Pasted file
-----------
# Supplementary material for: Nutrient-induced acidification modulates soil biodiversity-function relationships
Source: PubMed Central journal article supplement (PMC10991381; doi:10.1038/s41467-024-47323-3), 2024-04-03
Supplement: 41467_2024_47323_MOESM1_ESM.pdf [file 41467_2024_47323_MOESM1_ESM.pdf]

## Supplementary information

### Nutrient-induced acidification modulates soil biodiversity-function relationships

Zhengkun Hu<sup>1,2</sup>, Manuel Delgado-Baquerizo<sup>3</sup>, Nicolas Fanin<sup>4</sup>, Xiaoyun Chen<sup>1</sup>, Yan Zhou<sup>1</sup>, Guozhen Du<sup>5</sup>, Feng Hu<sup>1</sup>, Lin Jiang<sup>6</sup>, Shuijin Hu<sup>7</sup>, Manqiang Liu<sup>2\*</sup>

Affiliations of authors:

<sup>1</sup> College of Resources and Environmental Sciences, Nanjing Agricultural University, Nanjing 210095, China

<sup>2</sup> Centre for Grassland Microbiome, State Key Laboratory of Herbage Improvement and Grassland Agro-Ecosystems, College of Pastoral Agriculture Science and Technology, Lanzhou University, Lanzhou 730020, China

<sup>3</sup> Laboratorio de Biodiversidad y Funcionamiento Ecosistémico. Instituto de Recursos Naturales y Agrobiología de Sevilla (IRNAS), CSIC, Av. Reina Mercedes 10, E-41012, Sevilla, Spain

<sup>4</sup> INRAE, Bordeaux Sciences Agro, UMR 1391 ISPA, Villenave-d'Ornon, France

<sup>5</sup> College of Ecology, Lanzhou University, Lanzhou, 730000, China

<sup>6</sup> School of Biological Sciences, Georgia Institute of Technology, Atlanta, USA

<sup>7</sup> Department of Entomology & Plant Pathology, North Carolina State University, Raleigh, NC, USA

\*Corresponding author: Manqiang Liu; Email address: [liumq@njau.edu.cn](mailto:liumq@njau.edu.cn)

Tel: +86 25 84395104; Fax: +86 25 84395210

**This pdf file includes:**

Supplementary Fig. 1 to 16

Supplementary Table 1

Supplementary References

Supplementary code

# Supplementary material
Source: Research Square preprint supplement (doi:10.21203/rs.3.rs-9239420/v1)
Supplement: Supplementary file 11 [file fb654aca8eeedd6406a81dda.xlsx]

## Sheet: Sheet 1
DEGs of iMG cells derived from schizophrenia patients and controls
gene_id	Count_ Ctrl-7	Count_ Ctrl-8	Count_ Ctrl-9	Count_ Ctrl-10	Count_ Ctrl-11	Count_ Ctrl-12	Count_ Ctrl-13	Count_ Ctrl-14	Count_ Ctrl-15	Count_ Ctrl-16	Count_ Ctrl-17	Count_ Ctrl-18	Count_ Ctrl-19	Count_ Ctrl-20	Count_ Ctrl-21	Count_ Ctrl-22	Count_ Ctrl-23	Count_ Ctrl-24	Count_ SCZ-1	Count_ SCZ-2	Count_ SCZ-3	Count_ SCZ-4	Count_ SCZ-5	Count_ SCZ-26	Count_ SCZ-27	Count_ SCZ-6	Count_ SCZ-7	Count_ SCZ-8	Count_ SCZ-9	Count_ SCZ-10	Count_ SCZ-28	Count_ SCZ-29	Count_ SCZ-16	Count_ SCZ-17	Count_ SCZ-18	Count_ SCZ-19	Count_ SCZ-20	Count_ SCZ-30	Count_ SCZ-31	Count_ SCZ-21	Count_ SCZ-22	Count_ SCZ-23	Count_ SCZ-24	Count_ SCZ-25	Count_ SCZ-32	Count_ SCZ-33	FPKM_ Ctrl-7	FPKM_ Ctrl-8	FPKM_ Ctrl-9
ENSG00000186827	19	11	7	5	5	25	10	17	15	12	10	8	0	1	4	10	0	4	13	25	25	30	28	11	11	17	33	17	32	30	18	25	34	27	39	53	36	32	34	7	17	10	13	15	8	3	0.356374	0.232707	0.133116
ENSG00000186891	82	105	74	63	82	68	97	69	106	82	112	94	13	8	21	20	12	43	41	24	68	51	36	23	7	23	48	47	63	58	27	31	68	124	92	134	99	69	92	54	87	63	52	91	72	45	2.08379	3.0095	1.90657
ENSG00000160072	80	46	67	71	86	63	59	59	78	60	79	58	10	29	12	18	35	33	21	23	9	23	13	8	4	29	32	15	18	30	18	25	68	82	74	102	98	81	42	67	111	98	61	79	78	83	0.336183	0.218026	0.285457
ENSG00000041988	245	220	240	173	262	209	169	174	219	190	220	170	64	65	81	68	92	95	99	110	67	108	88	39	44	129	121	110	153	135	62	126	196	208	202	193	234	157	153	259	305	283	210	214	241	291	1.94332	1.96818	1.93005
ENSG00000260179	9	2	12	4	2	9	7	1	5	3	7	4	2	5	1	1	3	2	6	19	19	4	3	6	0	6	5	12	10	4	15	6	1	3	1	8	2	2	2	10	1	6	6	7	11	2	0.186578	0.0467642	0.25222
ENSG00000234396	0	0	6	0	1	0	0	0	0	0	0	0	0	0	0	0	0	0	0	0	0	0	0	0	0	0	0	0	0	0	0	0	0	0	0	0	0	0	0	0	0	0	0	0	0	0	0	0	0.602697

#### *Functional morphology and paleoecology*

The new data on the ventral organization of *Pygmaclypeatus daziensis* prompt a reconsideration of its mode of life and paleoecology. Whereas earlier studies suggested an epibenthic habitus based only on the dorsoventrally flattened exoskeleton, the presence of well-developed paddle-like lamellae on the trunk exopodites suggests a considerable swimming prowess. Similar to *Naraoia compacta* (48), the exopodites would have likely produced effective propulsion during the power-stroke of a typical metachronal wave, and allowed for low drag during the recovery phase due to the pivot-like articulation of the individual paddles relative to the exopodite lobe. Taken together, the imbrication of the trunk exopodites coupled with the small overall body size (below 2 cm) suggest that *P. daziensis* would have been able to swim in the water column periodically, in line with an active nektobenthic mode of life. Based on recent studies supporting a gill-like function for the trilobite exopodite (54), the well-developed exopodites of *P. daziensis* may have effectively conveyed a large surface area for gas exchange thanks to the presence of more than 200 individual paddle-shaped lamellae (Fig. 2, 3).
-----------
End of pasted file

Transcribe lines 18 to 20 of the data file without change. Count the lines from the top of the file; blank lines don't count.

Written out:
Supplementary Fig. 1 to 16

Supplementary Table 1

Supplementary References